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What is Chronobiology?

By Melinda Perkins –   

Circadian Rhythm.   Biological Rhythm.    Body Clocks.

We’ve heard the words. We might use them in casual conversation. We might even preach to our clients the importance of them. But if put on the spot, would we be able to accurately and specifically define them? How about effectively adding them into a program or workup for our patients or clients?

All of those words and more stem from the overarching area of Chronobiology.

Would it surprise you to learn that you could supercharge your client’s results just by sprinkling in a bit of timing know-how?

Let’s take a look:

Chronobiology is a multidisciplinary field of study where scientists research the rhythms of living organisms. Oddly, prior to the last few decades, much of the work revolved around plants. Since it branched out to animals, and finally humans, our understanding of the effects of the physical, solar, lunar and environmental cycles has skyrocketed. 

Here’s the rundown.

As humans, we have a circadian master clock which runs on a 24 hour cycle based on light and dark information. This clock resets when sunlight hits the eye. That’s why blue light limitation has become so popular for maintaining our sleep cycles, and thus, our better health. 

So, we have this master clock which is a group of cells called the suprachiasmatic nucleus (SCN) housed in the hypothalamus of the brain. As it goes, when we name something the “master”, it usually follows that there are other pieces of the puzzle which are less masterful. This is no different with our body clocks

These “less-masterful” entities are called peripheral clocks and reside in every tissue in the body. They oversee things like insulin release, fat storage, energy production and body temperature. Many of them both receive as well as send messages back to the SCN. All of them interact with our behaviors and the environment around us such as food intake, physical movement and body temperature. Among other things, they wake us up, send us to sleep, make us grow, tell our bodies to recover, assist movement, and help us digest.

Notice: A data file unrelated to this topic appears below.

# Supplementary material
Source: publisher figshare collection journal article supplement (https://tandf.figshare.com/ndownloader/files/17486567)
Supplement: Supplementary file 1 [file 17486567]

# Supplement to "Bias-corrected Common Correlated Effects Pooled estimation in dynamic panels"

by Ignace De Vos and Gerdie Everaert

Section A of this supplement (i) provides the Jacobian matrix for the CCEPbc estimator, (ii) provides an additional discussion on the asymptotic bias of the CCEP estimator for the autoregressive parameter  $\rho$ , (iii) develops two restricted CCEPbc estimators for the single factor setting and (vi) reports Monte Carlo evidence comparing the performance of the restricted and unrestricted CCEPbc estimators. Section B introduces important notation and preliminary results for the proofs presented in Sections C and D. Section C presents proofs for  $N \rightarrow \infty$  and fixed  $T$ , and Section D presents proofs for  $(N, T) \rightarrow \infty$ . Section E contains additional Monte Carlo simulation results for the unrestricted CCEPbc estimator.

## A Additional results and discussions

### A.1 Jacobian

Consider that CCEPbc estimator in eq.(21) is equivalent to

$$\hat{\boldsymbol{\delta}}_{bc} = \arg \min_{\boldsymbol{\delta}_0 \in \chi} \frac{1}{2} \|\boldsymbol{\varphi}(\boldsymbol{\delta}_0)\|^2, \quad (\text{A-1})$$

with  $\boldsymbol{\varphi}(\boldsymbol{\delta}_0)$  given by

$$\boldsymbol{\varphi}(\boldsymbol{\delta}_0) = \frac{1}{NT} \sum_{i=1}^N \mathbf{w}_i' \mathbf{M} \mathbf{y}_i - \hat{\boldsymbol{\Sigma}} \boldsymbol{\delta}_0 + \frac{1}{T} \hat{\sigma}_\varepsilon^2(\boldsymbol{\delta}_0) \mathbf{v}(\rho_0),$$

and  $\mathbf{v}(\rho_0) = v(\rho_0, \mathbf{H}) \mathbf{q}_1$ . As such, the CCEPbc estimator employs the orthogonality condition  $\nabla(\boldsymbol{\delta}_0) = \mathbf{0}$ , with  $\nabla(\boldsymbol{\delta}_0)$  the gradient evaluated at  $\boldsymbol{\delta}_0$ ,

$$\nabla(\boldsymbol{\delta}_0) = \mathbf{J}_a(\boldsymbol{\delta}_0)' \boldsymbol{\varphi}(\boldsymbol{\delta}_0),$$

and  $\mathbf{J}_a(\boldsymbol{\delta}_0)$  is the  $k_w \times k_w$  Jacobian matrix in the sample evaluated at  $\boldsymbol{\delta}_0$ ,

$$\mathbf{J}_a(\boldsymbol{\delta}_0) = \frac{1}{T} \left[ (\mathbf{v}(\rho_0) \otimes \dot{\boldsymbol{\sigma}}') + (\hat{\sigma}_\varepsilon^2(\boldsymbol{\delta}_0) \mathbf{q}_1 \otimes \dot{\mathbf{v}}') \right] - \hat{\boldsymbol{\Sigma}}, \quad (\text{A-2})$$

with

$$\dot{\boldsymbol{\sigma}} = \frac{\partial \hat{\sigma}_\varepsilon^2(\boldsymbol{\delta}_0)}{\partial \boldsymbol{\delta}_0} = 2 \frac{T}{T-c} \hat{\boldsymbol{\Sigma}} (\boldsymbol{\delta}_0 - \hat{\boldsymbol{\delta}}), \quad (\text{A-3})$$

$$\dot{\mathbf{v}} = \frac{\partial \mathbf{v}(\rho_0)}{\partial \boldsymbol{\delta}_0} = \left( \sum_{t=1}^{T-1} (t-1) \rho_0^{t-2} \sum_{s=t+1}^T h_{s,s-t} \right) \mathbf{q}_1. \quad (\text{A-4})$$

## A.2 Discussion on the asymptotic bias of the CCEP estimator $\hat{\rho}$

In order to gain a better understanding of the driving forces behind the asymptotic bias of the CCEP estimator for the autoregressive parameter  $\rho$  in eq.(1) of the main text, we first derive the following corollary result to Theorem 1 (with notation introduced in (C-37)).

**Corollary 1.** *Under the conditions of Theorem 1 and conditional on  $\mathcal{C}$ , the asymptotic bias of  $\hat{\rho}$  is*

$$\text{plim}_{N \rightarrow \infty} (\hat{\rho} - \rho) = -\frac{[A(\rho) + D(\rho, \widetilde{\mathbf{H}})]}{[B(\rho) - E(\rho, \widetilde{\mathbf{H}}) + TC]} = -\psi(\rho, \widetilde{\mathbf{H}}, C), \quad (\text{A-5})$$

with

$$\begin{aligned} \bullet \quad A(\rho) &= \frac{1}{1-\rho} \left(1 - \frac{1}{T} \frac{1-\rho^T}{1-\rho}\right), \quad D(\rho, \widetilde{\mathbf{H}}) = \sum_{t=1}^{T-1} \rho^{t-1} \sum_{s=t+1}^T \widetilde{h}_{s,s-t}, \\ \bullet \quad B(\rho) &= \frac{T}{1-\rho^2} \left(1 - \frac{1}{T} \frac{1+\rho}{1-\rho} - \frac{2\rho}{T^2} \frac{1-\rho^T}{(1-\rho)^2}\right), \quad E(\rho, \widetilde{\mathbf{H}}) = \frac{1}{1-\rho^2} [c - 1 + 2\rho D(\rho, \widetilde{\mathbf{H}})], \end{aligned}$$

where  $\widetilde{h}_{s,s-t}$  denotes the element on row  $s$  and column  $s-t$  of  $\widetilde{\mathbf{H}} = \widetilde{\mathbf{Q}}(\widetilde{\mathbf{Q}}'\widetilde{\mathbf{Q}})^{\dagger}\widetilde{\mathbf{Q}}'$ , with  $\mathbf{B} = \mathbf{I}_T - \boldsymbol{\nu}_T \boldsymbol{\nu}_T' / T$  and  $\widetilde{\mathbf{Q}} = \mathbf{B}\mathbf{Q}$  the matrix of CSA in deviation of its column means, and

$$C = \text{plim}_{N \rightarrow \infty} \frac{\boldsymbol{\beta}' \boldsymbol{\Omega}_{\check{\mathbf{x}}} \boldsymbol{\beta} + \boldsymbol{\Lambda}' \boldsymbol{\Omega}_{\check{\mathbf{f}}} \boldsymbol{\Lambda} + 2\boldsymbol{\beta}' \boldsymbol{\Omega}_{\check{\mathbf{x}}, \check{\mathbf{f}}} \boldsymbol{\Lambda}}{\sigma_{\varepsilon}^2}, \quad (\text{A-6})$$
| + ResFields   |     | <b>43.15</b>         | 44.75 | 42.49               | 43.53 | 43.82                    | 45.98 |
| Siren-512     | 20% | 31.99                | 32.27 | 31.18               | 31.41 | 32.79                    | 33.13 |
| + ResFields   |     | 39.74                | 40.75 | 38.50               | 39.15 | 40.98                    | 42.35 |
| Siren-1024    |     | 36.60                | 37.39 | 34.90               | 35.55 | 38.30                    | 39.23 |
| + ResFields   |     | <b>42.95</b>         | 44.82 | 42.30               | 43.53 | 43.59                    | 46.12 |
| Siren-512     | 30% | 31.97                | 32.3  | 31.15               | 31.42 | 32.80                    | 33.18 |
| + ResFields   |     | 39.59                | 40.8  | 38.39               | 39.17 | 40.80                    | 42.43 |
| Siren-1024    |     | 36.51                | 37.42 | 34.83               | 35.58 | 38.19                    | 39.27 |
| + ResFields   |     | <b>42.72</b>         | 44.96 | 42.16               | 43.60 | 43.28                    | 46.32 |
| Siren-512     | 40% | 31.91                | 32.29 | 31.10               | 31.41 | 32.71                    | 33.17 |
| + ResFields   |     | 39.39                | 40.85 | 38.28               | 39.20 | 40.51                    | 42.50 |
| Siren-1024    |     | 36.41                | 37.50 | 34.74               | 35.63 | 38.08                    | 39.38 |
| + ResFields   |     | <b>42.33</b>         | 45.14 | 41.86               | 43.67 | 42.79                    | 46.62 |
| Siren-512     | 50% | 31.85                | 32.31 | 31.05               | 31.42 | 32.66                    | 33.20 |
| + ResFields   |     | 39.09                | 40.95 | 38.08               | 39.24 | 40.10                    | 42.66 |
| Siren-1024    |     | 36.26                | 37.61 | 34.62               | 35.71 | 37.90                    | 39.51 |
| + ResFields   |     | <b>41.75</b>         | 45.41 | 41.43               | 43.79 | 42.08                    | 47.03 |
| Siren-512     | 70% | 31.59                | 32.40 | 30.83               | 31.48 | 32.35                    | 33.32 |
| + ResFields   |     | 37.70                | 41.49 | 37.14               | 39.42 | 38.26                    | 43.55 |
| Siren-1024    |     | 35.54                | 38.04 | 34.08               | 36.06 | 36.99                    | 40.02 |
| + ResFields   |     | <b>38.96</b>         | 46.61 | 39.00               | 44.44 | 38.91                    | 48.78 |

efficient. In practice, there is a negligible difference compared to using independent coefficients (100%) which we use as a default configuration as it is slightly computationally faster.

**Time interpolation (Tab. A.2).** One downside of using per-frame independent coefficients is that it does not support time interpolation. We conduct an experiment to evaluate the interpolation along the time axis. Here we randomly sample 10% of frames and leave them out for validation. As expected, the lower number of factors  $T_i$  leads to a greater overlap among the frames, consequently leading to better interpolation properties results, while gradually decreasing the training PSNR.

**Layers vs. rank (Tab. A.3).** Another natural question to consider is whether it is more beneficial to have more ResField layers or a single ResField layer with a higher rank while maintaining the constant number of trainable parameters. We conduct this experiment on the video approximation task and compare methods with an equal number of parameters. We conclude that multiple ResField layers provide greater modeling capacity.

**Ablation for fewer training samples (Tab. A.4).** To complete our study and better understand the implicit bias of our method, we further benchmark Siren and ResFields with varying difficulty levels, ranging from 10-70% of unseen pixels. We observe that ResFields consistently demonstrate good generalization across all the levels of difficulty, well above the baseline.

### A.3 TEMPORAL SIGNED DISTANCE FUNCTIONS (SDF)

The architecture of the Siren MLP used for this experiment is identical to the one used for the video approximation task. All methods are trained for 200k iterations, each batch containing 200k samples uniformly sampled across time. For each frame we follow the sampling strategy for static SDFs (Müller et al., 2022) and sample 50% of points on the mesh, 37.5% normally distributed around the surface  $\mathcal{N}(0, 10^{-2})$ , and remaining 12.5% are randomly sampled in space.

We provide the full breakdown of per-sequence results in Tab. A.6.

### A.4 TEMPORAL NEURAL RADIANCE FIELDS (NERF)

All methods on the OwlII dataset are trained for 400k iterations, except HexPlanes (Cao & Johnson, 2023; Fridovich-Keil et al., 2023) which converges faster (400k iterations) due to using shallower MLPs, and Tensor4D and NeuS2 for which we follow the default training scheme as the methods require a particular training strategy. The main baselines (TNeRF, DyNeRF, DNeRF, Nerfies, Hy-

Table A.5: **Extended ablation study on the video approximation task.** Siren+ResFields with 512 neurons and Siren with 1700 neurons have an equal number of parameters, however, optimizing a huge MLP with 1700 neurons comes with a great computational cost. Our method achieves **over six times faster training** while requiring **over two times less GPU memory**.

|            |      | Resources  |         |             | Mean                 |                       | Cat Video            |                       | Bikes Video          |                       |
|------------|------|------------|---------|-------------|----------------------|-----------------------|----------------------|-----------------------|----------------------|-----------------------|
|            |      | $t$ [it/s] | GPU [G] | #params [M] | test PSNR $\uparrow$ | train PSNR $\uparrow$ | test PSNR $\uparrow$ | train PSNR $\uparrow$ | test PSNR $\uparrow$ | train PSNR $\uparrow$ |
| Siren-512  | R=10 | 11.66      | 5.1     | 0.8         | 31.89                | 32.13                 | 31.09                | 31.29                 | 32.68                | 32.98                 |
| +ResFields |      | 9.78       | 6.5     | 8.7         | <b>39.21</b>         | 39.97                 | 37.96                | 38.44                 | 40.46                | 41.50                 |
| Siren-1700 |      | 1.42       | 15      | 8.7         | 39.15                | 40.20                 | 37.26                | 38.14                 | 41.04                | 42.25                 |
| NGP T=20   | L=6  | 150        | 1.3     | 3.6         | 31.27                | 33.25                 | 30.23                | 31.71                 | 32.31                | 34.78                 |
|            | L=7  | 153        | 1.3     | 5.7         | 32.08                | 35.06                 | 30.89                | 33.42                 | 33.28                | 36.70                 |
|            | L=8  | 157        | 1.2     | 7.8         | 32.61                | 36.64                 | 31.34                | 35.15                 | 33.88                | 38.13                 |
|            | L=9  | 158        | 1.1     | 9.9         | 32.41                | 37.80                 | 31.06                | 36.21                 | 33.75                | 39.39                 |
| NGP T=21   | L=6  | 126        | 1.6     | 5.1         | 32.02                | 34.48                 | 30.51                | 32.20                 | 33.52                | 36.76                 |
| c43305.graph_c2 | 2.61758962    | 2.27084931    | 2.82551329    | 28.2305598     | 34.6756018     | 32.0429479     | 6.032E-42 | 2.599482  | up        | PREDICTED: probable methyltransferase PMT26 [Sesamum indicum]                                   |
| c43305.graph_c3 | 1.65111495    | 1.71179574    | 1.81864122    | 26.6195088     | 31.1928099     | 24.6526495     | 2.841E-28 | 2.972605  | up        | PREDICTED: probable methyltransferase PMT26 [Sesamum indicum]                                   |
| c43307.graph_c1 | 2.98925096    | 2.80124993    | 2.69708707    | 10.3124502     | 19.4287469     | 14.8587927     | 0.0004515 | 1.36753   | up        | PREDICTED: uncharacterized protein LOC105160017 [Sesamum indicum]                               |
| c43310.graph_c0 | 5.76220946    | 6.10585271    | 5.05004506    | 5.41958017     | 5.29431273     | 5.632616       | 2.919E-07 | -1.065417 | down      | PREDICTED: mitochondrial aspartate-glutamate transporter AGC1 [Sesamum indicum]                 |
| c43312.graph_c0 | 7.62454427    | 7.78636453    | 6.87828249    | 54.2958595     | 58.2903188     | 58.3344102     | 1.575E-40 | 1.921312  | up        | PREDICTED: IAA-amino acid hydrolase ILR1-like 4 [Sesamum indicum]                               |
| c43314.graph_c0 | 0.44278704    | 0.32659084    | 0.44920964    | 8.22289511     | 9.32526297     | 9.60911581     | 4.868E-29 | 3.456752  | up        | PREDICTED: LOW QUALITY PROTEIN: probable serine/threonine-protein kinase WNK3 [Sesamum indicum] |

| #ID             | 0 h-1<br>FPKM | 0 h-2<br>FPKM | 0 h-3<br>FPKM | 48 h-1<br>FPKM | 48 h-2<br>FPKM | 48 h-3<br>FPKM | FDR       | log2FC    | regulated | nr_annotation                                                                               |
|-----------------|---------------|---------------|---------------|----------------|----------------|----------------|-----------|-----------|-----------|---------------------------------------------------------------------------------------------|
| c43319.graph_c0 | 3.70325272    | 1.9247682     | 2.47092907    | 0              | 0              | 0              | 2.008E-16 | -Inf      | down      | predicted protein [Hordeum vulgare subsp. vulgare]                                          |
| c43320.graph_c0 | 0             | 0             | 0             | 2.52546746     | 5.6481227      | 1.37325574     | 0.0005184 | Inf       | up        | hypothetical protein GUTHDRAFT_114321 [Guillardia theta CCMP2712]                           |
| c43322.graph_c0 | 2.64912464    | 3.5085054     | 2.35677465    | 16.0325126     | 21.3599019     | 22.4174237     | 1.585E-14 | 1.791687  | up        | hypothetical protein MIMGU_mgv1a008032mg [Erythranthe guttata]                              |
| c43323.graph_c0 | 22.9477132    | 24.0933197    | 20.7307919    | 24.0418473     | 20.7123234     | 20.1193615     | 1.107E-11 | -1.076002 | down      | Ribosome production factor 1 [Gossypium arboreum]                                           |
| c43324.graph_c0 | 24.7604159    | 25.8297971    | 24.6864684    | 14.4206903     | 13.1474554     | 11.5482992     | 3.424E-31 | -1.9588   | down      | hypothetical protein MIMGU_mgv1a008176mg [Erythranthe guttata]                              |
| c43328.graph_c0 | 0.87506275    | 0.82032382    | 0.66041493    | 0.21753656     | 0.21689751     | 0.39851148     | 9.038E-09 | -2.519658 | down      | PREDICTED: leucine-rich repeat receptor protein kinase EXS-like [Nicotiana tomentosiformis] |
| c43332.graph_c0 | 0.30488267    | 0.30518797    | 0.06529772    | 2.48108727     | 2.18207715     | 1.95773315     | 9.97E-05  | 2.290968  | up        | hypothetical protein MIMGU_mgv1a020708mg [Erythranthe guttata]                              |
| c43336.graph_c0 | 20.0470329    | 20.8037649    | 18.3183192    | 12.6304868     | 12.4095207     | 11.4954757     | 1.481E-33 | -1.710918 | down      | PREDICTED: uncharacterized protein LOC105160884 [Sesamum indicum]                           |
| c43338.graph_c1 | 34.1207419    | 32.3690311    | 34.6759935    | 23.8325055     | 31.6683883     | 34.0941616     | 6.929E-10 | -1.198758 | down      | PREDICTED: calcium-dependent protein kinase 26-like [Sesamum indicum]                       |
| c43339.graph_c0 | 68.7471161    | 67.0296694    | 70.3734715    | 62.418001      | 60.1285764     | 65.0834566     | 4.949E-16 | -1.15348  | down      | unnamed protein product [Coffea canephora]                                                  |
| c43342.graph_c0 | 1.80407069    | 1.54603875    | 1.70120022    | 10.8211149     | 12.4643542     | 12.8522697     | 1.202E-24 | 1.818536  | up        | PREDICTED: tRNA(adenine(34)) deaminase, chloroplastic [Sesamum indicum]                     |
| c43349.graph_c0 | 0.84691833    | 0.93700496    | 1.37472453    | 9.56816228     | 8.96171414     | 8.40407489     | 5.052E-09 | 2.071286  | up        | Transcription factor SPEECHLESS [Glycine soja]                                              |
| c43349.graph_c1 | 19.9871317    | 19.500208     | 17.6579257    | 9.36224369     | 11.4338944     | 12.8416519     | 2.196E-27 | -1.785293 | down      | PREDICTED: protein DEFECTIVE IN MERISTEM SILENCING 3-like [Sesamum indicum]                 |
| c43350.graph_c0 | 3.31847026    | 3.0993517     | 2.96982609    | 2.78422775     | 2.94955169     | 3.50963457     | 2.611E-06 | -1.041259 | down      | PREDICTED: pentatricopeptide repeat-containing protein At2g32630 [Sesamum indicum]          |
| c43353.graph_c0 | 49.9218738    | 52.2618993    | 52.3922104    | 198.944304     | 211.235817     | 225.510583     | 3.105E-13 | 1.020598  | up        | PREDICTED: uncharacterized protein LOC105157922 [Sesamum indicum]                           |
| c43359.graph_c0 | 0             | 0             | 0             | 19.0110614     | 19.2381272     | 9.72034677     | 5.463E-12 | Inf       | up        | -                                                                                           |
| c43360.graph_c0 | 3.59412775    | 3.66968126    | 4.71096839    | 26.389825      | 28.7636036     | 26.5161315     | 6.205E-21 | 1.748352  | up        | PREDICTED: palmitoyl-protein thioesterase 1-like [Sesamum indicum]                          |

Why do we care?

Okay, we’re talking clocks, right? 

Lots of clocks. 

Imagine an entire shop filled with hundreds of clocks. When they tick along in sync with each other under the direction of the master clock, the shop is filled with a melodious tick-tock song. When one or two get behind, it’s distracting to the ear. Add in a few more and the cacophony will send you running out the door. 

In our bodies this chaos is called circadian desynchrony (CD). Obviously, this is not a desirable state of being in a body that strives for homeostasis, balance and harmony.

Let’s talk about you…

Whether you realize it or not, you probably use chronobiology every day. Think about any client you have. When they first walked through your door, you noticed many things in an instant including their age and what they were wearing.

Their age told you of their journey through the years. (Circannual rhythm.) 

Clothing (and a glance out the window) told you of the season. Both of these fall in the category of chronobiology called infradian rhythms which have a cycle of more than 24 hours (monthly biannually or yearly) 

You invite them to sit down and you discover a bit more. You might ask about their eating habits, energy levels and what kind of work and exercise they do. From those things you know their rhythms of digestion, hormone release, productivity/focus, and energy production.

These are a second aspect of chronobiology called Ultradian cycles or things that happen multiple times in a 24 hour period. 

And lastly you might ask about their sleep and wake cycles. These bring us back to that 24 hour circadian rhythm and the all-important master clock.

Here’s what you might be missing:

Still thinking of that client…

What might not be outwardly apparent is that most people on the planet since the invention of the lightbulb are desynchronized with their master clock due to artificial light. Add to that a few irregular meal times, some weird sleep patterns and even an air conditioner over their desk at work and their internal clock shop sounds like a 5th grade orchestra warming up. Not only does the noise make you want to run for the hills, desynchronization has been correlated to everything from metabolic disease to neurological disorders to cancer. 

What can you do about it?

Meet the givers of time: …light…food…exercise

Okay, we’ve established that timing is everything. We have the master clock that sets the rhythm based on light. Then we have our peripheral clocks that listen to the master clock, but they also take cues from our behavior; how we eat and exercise. 

Back to our clock shop.

The tissues involved in digestion (stomach, endocrine, gut, etc.) have an optimal operating rhythm that is in sync with the master clock. When an individual eats at those specific times, the digestive system is ready to work and everything is primed for performance. Digestion is super efficient, delivery of nutrients to tissues is optimal, energy production is peak.